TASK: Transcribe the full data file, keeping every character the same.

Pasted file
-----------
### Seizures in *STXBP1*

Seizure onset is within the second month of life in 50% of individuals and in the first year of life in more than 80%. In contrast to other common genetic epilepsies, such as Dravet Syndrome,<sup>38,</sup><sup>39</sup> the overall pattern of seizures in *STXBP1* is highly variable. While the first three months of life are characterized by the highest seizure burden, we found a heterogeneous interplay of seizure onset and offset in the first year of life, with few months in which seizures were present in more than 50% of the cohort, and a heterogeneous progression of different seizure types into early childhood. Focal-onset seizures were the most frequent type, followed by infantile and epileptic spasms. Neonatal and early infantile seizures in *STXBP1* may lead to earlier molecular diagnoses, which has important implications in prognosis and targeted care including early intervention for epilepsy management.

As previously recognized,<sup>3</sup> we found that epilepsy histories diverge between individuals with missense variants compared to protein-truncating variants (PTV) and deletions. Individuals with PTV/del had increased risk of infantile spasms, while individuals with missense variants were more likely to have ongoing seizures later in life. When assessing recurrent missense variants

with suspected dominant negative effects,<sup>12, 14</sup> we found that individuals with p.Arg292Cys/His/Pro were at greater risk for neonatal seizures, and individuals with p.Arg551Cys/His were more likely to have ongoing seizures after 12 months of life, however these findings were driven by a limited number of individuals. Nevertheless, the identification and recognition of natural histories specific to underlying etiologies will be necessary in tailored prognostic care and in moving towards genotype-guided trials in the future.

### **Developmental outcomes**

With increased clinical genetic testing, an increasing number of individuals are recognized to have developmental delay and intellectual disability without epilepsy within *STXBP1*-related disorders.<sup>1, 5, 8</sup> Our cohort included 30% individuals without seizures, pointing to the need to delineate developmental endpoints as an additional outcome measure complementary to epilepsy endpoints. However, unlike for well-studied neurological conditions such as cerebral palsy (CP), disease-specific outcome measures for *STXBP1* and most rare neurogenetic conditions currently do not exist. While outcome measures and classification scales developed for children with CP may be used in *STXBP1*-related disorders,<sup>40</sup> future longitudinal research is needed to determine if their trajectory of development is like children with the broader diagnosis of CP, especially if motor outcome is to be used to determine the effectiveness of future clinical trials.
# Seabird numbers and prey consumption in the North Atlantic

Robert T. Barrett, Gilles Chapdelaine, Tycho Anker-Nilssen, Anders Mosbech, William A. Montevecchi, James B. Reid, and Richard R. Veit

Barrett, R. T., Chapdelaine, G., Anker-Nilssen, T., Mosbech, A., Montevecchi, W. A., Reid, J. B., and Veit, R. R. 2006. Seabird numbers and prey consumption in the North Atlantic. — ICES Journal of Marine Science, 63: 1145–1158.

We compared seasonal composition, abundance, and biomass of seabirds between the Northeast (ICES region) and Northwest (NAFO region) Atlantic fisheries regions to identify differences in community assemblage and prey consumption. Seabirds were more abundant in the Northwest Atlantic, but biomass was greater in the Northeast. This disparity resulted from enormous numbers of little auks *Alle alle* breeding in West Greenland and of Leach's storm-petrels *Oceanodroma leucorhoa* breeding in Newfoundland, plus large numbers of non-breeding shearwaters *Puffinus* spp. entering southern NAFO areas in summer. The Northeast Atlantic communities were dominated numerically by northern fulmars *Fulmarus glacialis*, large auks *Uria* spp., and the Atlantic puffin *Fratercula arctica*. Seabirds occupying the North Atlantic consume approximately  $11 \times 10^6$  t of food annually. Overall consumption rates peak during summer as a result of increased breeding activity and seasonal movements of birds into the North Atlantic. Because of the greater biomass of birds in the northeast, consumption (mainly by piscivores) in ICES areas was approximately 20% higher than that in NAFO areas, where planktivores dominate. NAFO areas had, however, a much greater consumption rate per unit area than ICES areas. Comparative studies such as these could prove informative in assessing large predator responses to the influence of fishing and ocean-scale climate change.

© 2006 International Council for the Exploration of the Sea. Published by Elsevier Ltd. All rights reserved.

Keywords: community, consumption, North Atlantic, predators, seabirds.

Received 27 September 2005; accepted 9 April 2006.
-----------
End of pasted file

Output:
### Seizures in *STXBP1*

Seizure onset is within the second month of life in 50% of individuals and in the first year of life in more than 80%. In contrast to other common genetic epilepsies, such as Dravet Syndrome,<sup>38,</sup><sup>39</sup> the overall pattern of seizures in *STXBP1* is highly variable. While the first three months of life are characterized by the highest seizure burden, we found a heterogeneous interplay of seizure onset and offset in the first year of life, with few months in which seizures were present in more than 50% of the cohort, and a heterogeneous progression of different seizure types into early childhood. Focal-onset seizures were the most frequent type, followed by infantile and epileptic spasms. Neonatal and early infantile seizures in *STXBP1* may lead to earlier molecular diagnoses, which has important implications in prognosis and targeted care including early intervention for epilepsy management.

As previously recognized,<sup>3</sup> we found that epilepsy histories diverge between individuals with missense variants compared to protein-truncating variants (PTV) and deletions. Individuals with PTV/del had increased risk of infantile spasms, while individuals with missense variants were more likely to have ongoing seizures later in life. When assessing recurrent missense variants

with suspected dominant negative effects,<sup>12, 14</sup> we found that individuals with p.Arg292Cys/His/Pro were at greater risk for neonatal seizures, and individuals with p.Arg551Cys/His were more likely to have ongoing seizures after 12 months of life, however these findings were driven by a limited number of individuals. Nevertheless, the identification and recognition of natural histories specific to underlying etiologies will be necessary in tailored prognostic care and in moving towards genotype-guided trials in the future.

### **Developmental outcomes**

With increased clinical genetic testing, an increasing number of individuals are recognized to have developmental delay and intellectual disability without epilepsy within *STXBP1*-related disorders.<sup>1, 5, 8</sup> Our cohort included 30% individuals without seizures, pointing to the need to delineate developmental endpoints as an additional outcome measure complementary to epilepsy endpoints. However, unlike for well-studied neurological conditions such as cerebral palsy (CP), disease-specific outcome measures for *STXBP1* and most rare neurogenetic conditions currently do not exist. While outcome measures and classification scales developed for children with CP may be used in *STXBP1*-related disorders,<sup>40</sup> future longitudinal research is needed to determine if their trajectory of development is like children with the broader diagnosis of CP, especially if motor outcome is to be used to determine the effectiveness of future clinical trials.
# Seabird numbers and prey consumption in the North Atlantic

Robert T. Barrett, Gilles Chapdelaine, Tycho Anker-Nilssen, Anders Mosbech, William A. Montevecchi, James B. Reid, and Richard R. Veit

Barrett, R. T., Chapdelaine, G., Anker-Nilssen, T., Mosbech, A., Montevecchi, W. A., Reid, J. B., and Veit, R. R. 2006. Seabird numbers and prey consumption in the North Atlantic. — ICES Journal of Marine Science, 63: 1145–1158.

We compared seasonal composition, abundance, and biomass of seabirds between the Northeast (ICES region) and Northwest (NAFO region) Atlantic fisheries regions to identify differences in community assemblage and prey consumption. Seabirds were more abundant in the Northwest Atlantic, but biomass was greater in the Northeast. This disparity resulted from enormous numbers of little auks *Alle alle* breeding in West Greenland and of Leach's storm-petrels *Oceanodroma leucorhoa* breeding in Newfoundland, plus large numbers of non-breeding shearwaters *Puffinus* spp. entering southern NAFO areas in summer. The Northeast Atlantic communities were dominated numerically by northern fulmars *Fulmarus glacialis*, large auks *Uria* spp., and the Atlantic puffin *Fratercula arctica*. Seabirds occupying the North Atlantic consume approximately  $11 \times 10^6$  t of food annually. Overall consumption rates peak during summer as a result of increased breeding activity and seasonal movements of birds into the North Atlantic. Because of the greater biomass of birds in the northeast, consumption (mainly by piscivores) in ICES areas was approximately 20% higher than that in NAFO areas, where planktivores dominate. NAFO areas had, however, a much greater consumption rate per unit area than ICES areas. Comparative studies such as these could prove informative in assessing large predator responses to the influence of fishing and ocean-scale climate change.

© 2006 International Council for the Exploration of the Sea. Published by Elsevier Ltd. All rights reserved.

Keywords: community, consumption, North Atlantic, predators, seabirds.

Received 27 September 2005; accepted 9 April 2006.